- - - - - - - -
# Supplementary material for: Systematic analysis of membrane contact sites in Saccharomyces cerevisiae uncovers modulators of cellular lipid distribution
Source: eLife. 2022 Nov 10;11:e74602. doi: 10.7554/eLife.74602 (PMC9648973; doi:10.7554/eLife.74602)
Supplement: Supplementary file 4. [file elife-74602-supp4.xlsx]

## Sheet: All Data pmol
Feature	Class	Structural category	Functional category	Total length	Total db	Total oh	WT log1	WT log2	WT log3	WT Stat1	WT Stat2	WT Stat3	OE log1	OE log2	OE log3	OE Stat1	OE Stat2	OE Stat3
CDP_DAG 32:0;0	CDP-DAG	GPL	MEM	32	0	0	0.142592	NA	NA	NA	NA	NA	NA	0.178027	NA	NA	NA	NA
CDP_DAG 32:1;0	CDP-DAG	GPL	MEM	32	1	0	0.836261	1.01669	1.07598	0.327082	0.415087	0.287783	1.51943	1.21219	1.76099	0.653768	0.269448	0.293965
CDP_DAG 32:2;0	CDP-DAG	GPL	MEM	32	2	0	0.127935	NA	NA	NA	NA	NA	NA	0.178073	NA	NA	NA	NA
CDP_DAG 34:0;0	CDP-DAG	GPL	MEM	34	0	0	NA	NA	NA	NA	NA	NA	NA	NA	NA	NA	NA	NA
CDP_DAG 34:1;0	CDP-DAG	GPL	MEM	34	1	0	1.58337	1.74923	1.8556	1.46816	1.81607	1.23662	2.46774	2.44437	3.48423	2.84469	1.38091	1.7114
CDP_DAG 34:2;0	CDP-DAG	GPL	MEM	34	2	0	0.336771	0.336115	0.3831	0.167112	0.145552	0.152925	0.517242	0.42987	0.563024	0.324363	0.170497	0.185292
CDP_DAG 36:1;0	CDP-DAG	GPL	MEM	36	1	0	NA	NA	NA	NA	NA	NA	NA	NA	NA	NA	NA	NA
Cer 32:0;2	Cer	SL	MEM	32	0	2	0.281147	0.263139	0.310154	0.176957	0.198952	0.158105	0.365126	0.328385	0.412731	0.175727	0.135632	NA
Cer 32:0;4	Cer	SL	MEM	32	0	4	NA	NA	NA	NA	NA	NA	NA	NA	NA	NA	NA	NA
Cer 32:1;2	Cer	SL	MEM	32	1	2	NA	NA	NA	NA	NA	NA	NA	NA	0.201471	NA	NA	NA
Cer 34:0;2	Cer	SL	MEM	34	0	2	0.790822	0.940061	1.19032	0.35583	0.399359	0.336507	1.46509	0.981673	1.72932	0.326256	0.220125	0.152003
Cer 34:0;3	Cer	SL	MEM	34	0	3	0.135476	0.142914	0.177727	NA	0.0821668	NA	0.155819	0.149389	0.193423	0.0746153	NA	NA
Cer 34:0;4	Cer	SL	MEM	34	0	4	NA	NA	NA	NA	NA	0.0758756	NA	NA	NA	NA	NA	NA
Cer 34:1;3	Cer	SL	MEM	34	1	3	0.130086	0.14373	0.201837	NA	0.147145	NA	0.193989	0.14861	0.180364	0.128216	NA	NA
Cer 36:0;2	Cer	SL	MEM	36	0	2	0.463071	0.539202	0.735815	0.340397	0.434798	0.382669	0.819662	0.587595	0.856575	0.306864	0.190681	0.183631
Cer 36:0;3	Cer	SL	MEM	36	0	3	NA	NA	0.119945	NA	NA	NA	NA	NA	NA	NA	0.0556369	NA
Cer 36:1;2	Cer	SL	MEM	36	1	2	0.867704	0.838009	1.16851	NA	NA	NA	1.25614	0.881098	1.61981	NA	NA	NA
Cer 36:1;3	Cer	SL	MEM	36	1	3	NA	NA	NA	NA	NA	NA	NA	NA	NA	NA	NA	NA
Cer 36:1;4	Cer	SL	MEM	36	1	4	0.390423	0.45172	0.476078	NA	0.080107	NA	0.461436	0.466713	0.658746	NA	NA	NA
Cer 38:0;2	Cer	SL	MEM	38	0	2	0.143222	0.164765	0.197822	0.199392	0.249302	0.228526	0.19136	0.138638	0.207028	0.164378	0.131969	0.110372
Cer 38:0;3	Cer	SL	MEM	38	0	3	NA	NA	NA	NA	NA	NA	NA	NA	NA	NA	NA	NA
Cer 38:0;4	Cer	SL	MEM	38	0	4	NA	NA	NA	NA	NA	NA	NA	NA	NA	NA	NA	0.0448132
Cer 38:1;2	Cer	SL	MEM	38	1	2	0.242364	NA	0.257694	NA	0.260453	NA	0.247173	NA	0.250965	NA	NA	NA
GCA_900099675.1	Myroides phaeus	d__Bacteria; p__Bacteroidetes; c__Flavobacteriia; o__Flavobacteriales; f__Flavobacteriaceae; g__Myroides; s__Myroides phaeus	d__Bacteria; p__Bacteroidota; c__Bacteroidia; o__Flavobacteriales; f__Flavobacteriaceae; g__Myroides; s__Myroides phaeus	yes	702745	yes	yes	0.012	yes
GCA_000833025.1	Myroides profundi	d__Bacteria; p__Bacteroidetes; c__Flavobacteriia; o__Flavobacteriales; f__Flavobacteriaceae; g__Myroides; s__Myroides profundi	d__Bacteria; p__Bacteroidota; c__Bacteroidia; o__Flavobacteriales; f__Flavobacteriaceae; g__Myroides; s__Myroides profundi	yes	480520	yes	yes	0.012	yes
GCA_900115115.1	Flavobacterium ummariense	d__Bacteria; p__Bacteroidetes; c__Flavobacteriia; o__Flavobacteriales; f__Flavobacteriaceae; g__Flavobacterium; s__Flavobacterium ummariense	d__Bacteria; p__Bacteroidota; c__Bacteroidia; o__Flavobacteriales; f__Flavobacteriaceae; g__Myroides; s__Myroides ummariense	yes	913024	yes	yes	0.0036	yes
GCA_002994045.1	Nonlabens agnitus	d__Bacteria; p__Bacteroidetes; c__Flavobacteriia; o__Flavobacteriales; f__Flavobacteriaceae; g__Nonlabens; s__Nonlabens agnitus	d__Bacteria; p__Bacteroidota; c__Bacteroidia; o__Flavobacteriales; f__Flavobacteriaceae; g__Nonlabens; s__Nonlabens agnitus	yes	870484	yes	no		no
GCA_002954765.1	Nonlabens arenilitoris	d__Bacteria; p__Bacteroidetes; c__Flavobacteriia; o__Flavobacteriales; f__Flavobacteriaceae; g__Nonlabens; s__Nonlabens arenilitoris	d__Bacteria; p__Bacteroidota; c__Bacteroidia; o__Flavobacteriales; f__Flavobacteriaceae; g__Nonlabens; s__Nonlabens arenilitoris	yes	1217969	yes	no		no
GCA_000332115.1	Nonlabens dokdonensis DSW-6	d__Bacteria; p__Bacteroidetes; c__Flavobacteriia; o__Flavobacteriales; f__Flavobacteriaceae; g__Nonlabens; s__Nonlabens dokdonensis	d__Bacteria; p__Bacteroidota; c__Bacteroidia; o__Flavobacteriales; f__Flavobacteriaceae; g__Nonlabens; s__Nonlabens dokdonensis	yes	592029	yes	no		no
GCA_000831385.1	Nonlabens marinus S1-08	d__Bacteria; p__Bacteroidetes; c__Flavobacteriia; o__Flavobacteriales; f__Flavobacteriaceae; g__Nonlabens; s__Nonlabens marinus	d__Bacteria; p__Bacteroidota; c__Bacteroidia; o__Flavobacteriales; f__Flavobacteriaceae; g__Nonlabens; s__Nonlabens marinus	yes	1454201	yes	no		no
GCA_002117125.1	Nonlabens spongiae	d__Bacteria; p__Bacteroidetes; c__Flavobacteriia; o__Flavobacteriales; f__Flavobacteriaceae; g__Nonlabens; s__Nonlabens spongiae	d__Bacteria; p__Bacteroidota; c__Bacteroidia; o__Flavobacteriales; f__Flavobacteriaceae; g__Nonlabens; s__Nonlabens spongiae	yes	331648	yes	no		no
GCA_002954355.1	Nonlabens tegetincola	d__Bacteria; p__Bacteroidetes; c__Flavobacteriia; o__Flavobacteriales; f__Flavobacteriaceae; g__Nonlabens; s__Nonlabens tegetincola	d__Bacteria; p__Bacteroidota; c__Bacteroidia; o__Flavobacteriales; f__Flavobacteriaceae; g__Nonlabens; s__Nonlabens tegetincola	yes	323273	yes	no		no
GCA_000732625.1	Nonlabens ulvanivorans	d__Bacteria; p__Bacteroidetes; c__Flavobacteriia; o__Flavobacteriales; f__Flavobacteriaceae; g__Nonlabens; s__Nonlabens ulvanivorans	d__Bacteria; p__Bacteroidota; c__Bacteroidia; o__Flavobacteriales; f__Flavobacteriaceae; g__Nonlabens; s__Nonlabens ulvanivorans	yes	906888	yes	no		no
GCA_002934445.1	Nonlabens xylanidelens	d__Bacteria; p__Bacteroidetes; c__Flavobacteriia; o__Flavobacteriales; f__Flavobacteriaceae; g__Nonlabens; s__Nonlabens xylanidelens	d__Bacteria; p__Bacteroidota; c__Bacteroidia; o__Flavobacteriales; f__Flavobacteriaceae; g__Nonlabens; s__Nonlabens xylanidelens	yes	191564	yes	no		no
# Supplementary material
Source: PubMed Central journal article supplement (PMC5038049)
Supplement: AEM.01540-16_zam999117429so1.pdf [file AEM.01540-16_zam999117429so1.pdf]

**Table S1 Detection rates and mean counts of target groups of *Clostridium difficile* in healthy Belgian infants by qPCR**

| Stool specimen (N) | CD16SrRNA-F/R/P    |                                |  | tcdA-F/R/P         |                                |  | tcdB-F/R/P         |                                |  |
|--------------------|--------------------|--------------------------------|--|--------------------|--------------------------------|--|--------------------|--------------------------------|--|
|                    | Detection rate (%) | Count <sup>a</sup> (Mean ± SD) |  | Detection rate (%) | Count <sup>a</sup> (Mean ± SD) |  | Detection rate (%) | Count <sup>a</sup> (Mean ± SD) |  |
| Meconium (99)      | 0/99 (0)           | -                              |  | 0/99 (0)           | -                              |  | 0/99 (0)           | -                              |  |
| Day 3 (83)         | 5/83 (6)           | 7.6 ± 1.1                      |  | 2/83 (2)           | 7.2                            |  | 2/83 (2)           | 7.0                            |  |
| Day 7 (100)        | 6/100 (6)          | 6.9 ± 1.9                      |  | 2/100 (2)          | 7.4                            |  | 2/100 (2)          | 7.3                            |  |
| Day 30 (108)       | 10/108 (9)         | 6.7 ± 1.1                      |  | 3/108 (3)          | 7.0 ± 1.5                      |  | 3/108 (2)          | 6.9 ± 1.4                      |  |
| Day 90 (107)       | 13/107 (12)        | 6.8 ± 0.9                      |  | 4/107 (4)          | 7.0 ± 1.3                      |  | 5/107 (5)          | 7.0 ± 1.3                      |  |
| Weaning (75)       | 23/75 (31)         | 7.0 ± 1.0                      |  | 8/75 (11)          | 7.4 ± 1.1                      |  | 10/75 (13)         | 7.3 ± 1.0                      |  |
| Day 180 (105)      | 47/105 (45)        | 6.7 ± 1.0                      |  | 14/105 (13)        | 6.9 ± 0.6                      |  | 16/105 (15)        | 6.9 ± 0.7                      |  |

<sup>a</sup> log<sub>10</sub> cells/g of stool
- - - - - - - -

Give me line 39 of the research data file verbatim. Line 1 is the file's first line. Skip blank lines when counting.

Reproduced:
GCA_002934445.1	Nonlabens xylanidelens	d__Bacteria; p__Bacteroidetes; c__Flavobacteriia; o__Flavobacteriales; f__Flavobacteriaceae; g__Nonlabens; s__Nonlabens xylanidelens	d__Bacteria; p__Bacteroidota; c__Bacteroidia; o__Flavobacteriales; f__Flavobacteriaceae; g__Nonlabens; s__Nonlabens xylanidelens	yes	191564	yes	no		no